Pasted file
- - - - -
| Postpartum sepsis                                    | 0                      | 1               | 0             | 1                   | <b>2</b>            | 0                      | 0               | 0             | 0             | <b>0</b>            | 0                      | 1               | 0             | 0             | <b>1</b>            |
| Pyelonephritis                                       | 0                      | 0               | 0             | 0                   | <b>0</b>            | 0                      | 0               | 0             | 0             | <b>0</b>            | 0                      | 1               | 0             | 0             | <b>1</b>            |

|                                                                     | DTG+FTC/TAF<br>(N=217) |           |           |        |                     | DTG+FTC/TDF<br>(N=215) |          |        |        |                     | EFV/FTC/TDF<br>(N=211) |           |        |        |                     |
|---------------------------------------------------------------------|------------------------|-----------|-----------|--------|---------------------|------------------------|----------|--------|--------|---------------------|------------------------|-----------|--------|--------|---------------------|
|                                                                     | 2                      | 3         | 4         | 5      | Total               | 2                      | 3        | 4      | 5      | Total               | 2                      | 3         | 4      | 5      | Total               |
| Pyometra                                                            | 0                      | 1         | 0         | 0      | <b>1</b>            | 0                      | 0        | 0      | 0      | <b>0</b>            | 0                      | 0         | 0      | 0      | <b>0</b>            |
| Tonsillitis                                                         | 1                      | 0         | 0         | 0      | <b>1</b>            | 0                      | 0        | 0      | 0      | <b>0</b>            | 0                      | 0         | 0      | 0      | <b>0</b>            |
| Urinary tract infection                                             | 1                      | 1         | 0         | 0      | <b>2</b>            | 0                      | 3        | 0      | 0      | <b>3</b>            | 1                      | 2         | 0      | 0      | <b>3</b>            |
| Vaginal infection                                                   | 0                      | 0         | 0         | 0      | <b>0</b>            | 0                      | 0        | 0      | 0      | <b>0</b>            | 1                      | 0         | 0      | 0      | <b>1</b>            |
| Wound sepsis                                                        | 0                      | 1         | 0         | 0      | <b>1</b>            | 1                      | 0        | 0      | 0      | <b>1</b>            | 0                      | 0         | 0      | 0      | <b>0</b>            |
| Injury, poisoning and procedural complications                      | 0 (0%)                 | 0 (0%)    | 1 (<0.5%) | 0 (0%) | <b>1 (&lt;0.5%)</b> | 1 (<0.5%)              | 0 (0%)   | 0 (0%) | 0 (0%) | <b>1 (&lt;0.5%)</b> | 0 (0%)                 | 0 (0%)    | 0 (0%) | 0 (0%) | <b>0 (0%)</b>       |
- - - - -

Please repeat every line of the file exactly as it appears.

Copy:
| Postpartum sepsis                                    | 0                      | 1               | 0             | 1                   | <b>2</b>            | 0                      | 0               | 0             | 0             | <b>0</b>            | 0                      | 1               | 0             | 0             | <b>1</b>            |
| Pyelonephritis                                       | 0                      | 0               | 0             | 0                   | <b>0</b>            | 0                      | 0               | 0             | 0             | <b>0</b>            | 0                      | 1               | 0             | 0             | <b>1</b>            |

|                                                                     | DTG+FTC/TAF<br>(N=217) |           |           |        |                     | DTG+FTC/TDF<br>(N=215) |          |        |        |                     | EFV/FTC/TDF<br>(N=211) |           |        |        |                     |
|---------------------------------------------------------------------|------------------------|-----------|-----------|--------|---------------------|------------------------|----------|--------|--------|---------------------|------------------------|-----------|--------|--------|---------------------|
|                                                                     | 2                      | 3         | 4         | 5      | Total               | 2                      | 3        | 4      | 5      | Total               | 2                      | 3         | 4      | 5      | Total               |
| Pyometra                                                            | 0                      | 1         | 0         | 0      | <b>1</b>            | 0                      | 0        | 0      | 0      | <b>0</b>            | 0                      | 0         | 0      | 0      | <b>0</b>            |
| Tonsillitis                                                         | 1                      | 0         | 0         | 0      | <b>1</b>            | 0                      | 0        | 0      | 0      | <b>0</b>            | 0                      | 0         | 0      | 0      | <b>0</b>            |
| Urinary tract infection                                             | 1                      | 1         | 0         | 0      | <b>2</b>            | 0                      | 3        | 0      | 0      | <b>3</b>            | 1                      | 2         | 0      | 0      | <b>3</b>            |
| Vaginal infection                                                   | 0                      | 0         | 0         | 0      | <b>0</b>            | 0                      | 0        | 0      | 0      | <b>0</b>            | 1                      | 0         | 0      | 0      | <b>1</b>            |
| Wound sepsis                                                        | 0                      | 1         | 0         | 0      | <b>1</b>            | 1                      | 0        | 0      | 0      | <b>1</b>            | 0                      | 0         | 0      | 0      | <b>0</b>            |
| Injury, poisoning and procedural complications                      | 0 (0%)                 | 0 (0%)    | 1 (<0.5%) | 0 (0%) | <b>1 (&lt;0.5%)</b> | 1 (<0.5%)              | 0 (0%)   | 0 (0%) | 0 (0%) | <b>1 (&lt;0.5%)</b> | 0 (0%)                 | 0 (0%)    | 0 (0%) | 0 (0%) | <b>0 (0%)</b>       |